The geology of the Zion and Kolob canyons area includes nine formations that together represent 150 million years of mostly Mesozoic-aged sedimentation. At various periods in that time warm, shallow seas, streams, ponds and lakes, vast deserts, and dry near-shore environments covered the area. Uplift associated with the creation of the Colorado Plateau lifted the region 10,000 feet (3,000 m) starting 13 million years ago.

Archaeologists have divided the long span of Zion's human history into three cultural periods: the Archaic, Protohistoric and Historic periods. Each period is characterized by distinctive technological and social adaptations.

Archaic period

The first human presence in the region dates to 8,000 years ago when family groups camped where they could hunt or collect plants and seeds.[1] About 2,000 years ago, some groups began growing corn and other crops, leading to an increasingly sedentary lifestyle.[2] Later groups in this period built permanent villages called pueblos. Archaeologists call this the Archaic period and it lasted until c. 500.[3] Baskets, cordage nets, and yucca fiber sandals have been found and dated to this period. The Archaic toolkits included flaked stone knives, drills, and stemmed dart points. The dart points were attached to wooden shafts and propelled by throwing devices called atlatls.[3]

By c. 300, some of the archaic groups developed into an early branch of seminomadic Anasazi, the Basketmakers.[3] Basketmaker sites have grass- or stone-lined storage cists and shallow, partially underground dwellings called pithouses. They were hunters and gatherers who supplemented their diet with limited agriculture. Locally collected pine nuts were important for food and trade.

Protohistoric period
 
Kaun huts were used by Southern Paiute

Both the Virgin Anasazi and the Parowan Fremont disappeared from the archaeological record of southwestern Utah by c. 1300.[3] Extended droughts in the 11th and 12th centuries, interspersed with catastrophic flooding, may have made horticulture impossible in this arid region.[3]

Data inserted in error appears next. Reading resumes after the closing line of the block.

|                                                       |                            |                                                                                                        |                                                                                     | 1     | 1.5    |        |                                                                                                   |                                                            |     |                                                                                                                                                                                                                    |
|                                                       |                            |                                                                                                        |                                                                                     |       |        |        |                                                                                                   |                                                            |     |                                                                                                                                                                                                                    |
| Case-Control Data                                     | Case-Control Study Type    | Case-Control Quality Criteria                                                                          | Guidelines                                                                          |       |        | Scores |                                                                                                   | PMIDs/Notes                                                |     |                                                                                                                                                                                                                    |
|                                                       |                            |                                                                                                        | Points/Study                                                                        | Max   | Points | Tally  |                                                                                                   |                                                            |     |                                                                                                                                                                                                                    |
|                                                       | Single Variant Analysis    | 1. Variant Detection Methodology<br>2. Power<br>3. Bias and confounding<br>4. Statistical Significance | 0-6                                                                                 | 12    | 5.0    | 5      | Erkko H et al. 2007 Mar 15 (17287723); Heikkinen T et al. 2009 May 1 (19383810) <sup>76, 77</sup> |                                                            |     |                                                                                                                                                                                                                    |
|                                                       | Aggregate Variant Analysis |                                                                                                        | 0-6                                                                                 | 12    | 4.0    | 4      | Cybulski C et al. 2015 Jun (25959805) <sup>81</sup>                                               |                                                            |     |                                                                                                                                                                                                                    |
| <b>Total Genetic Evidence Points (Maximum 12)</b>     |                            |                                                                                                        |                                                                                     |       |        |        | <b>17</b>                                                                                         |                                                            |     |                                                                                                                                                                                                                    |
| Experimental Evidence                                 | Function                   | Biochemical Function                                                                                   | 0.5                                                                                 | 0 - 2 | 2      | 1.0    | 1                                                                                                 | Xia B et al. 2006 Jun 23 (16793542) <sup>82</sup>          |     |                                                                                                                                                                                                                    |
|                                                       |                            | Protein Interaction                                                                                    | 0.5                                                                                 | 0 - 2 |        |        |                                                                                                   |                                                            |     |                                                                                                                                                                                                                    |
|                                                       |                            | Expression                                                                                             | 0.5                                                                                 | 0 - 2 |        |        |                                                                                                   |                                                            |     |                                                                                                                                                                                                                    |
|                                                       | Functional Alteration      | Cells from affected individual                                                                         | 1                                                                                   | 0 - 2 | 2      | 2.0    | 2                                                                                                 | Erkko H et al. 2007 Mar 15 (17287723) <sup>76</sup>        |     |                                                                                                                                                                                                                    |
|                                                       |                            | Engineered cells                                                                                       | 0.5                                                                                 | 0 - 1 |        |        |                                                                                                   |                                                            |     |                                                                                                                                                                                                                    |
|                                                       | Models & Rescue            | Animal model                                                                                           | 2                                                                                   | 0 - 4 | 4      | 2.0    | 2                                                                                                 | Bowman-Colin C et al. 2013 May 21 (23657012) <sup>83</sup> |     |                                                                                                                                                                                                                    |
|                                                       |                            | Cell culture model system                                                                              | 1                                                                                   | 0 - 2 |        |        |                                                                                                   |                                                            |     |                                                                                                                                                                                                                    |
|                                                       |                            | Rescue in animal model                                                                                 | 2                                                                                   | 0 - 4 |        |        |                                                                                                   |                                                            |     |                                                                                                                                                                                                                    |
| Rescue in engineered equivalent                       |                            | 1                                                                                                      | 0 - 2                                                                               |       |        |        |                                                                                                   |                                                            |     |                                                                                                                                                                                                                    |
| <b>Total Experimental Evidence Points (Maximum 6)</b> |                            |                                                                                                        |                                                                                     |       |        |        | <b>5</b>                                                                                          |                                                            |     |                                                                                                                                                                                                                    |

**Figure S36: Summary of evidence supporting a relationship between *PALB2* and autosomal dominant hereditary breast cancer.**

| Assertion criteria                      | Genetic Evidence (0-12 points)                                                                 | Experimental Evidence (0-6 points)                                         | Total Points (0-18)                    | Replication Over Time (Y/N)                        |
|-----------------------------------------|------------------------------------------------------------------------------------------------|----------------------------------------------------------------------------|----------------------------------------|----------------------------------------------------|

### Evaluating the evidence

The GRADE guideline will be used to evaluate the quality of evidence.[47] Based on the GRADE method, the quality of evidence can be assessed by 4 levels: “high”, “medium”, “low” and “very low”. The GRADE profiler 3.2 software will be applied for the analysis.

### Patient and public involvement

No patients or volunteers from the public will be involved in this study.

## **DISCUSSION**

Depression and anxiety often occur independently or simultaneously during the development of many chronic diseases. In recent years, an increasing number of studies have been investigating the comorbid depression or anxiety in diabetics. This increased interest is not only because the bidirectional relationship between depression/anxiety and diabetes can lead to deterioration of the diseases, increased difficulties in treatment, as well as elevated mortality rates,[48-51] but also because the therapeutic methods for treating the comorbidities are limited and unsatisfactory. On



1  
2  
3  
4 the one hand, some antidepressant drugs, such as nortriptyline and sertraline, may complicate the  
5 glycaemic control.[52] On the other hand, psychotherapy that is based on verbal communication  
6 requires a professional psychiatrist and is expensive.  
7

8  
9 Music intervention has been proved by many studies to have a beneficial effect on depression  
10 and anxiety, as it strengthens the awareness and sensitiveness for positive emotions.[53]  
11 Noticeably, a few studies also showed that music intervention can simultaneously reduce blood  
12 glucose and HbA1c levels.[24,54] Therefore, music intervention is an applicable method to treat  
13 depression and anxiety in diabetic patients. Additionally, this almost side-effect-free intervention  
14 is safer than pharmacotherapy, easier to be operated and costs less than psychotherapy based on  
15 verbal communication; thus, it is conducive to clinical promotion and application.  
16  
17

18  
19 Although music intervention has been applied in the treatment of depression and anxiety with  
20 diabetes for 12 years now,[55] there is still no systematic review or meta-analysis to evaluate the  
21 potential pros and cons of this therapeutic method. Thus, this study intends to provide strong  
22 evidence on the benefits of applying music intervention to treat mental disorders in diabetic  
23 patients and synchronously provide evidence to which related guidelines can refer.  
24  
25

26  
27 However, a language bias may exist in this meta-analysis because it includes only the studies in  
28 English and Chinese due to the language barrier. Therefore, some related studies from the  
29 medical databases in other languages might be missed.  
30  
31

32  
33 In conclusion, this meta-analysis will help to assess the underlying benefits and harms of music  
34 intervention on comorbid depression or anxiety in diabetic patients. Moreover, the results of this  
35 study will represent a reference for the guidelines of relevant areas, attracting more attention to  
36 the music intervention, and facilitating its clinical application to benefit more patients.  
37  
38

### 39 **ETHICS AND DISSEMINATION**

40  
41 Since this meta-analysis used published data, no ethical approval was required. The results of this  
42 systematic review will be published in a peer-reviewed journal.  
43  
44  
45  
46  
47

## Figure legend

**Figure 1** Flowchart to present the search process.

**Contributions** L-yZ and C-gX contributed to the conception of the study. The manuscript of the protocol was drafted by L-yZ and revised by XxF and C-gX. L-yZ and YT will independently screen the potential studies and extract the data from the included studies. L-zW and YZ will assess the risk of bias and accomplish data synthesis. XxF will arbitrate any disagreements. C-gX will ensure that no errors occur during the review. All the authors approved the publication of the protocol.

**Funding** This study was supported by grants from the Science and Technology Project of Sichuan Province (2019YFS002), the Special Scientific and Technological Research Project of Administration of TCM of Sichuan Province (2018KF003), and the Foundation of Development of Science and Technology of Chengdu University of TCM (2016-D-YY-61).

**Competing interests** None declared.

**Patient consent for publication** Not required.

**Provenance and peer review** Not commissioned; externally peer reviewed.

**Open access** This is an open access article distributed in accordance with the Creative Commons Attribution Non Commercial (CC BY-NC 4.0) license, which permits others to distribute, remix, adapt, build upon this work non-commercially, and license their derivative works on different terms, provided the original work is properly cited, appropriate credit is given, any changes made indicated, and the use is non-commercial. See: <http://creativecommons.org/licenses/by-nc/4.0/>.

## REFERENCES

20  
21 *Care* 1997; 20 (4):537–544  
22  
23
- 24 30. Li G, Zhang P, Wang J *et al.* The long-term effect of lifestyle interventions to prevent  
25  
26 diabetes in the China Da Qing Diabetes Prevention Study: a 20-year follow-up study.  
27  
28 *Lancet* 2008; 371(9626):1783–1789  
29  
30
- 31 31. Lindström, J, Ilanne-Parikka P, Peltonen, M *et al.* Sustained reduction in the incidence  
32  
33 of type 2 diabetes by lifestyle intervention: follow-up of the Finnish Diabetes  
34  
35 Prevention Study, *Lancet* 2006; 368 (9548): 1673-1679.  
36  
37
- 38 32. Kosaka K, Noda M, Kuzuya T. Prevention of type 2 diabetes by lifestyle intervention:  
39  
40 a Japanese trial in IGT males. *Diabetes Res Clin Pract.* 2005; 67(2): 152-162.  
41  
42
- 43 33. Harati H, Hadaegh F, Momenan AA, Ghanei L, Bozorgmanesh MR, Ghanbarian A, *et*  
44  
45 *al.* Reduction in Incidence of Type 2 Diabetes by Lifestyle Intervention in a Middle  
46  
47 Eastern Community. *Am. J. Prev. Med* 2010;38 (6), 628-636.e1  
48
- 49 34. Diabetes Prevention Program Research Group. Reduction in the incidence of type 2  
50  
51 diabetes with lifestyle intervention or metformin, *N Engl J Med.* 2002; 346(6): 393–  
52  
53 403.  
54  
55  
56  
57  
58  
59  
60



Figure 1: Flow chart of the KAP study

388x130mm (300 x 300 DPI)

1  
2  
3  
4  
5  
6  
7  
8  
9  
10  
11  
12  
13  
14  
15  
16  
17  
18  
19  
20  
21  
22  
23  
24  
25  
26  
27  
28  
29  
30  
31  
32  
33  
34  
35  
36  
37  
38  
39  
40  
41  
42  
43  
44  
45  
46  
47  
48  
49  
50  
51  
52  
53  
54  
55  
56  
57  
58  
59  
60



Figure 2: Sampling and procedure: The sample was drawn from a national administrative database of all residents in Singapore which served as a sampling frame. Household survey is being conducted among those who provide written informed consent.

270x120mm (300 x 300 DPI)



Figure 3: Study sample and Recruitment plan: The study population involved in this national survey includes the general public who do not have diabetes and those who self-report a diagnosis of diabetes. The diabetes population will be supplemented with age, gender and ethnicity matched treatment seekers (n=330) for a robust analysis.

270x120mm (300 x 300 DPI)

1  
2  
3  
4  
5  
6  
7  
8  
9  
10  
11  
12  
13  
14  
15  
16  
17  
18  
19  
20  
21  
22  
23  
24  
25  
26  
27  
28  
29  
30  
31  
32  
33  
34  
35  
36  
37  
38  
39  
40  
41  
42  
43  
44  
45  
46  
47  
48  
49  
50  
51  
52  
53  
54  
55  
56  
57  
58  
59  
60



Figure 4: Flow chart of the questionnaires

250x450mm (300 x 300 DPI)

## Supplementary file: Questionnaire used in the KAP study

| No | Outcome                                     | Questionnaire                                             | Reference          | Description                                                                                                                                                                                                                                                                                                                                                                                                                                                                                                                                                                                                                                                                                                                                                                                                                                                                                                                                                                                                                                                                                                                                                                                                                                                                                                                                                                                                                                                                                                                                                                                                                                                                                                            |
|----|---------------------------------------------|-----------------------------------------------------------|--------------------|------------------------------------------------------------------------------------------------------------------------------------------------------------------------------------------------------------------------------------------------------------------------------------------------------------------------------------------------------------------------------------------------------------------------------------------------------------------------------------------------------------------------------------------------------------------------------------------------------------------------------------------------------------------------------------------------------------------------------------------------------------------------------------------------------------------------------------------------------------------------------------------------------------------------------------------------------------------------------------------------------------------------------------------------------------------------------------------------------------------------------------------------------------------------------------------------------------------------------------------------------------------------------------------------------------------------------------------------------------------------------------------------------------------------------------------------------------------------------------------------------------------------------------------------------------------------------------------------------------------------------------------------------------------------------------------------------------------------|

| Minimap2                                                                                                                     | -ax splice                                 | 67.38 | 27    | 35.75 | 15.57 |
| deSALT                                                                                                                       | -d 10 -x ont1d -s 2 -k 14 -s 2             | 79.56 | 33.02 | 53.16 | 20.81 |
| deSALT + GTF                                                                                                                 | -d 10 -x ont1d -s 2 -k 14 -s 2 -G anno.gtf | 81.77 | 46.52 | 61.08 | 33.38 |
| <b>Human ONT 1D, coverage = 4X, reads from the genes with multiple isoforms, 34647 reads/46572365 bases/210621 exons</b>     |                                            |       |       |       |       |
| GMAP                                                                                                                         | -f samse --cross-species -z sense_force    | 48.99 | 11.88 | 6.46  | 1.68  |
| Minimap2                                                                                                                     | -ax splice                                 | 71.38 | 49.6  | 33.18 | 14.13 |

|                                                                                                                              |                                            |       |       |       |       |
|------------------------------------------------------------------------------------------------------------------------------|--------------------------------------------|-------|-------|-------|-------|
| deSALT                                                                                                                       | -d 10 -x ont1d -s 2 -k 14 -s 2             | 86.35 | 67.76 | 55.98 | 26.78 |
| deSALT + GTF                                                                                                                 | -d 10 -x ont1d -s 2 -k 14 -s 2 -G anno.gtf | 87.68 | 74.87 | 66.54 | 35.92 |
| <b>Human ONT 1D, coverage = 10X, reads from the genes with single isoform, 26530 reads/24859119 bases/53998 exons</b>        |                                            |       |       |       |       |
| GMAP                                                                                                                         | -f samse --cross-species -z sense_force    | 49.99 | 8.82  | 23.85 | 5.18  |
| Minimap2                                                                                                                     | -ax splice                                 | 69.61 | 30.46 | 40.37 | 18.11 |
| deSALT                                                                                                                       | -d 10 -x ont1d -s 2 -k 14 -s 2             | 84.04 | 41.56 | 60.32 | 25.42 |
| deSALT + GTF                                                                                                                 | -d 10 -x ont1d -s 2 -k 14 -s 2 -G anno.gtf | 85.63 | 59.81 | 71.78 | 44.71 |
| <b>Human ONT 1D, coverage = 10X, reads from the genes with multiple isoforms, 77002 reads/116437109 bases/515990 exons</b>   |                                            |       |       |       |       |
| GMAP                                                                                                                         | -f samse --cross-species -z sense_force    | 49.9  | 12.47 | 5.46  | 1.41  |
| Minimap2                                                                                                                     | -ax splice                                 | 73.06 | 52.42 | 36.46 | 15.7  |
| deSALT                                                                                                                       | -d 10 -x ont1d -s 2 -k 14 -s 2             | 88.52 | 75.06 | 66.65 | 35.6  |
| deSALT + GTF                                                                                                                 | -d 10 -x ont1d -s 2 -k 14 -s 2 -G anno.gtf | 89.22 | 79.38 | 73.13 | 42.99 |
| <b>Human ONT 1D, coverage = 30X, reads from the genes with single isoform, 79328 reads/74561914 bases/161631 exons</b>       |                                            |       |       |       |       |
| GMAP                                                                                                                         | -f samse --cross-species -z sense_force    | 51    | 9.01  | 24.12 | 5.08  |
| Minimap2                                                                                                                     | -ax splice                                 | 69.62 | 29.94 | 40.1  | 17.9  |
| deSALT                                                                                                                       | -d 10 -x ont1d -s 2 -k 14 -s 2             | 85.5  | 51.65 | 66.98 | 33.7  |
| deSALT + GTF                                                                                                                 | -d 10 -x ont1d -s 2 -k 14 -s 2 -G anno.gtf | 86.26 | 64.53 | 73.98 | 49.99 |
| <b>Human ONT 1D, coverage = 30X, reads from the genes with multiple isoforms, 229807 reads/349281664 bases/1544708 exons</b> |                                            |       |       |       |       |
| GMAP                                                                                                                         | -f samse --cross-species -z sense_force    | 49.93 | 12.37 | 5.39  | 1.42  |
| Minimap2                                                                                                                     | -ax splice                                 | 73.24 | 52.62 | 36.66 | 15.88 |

Tradition and archaeological evidence hold that their replacements were Numic-speaking cousins of the Virgin Anasazi, such as the Southern Paiute and Ute.[3] The newcomers migrated on a seasonal basis up and down valleys in search of wild seeds and game animals.[4] Some, particularly the Southern Paiute, also planted fields of corn, sunflowers, and squash to supplement their diet.[4] These more sedentary groups made brownware vessels that were used for storage and cooking.[3]

Exploration and settlement

The Historic period begins in the late 18th century[3] with the exploration of southern Utah by padre Silvestre Vélez de Escalante and padre Francisco Atanasio Domínguez. The padres passed near what is now the Kolob Canyons Visitor Center on October 13, 1776, becoming the first people of European descent known to visit the area.[5] In 1825, trapper and trader Jedediah Smith explored some of the downstream areas while under contract with the American Fur Company.[5]

In 1847, Mormon farmers from the Salt Lake area became the first people of European descent to settle the Virgin River region.[6] In 1851, the Parowan and Cedar City areas were settled by Mormons who used the Kolob Canyons area for timber, and for grazing cattle, sheep, and horses.[7] They prospected for mineral deposits, and diverted Kolob water to irrigate crops in the valley below. Mormon settlers named the area Kolob which in Mormon scripture is the heavenly place nearest the residence of God.[8]

 
A ranch near the mouth of Zion Canyon (c. 1910s)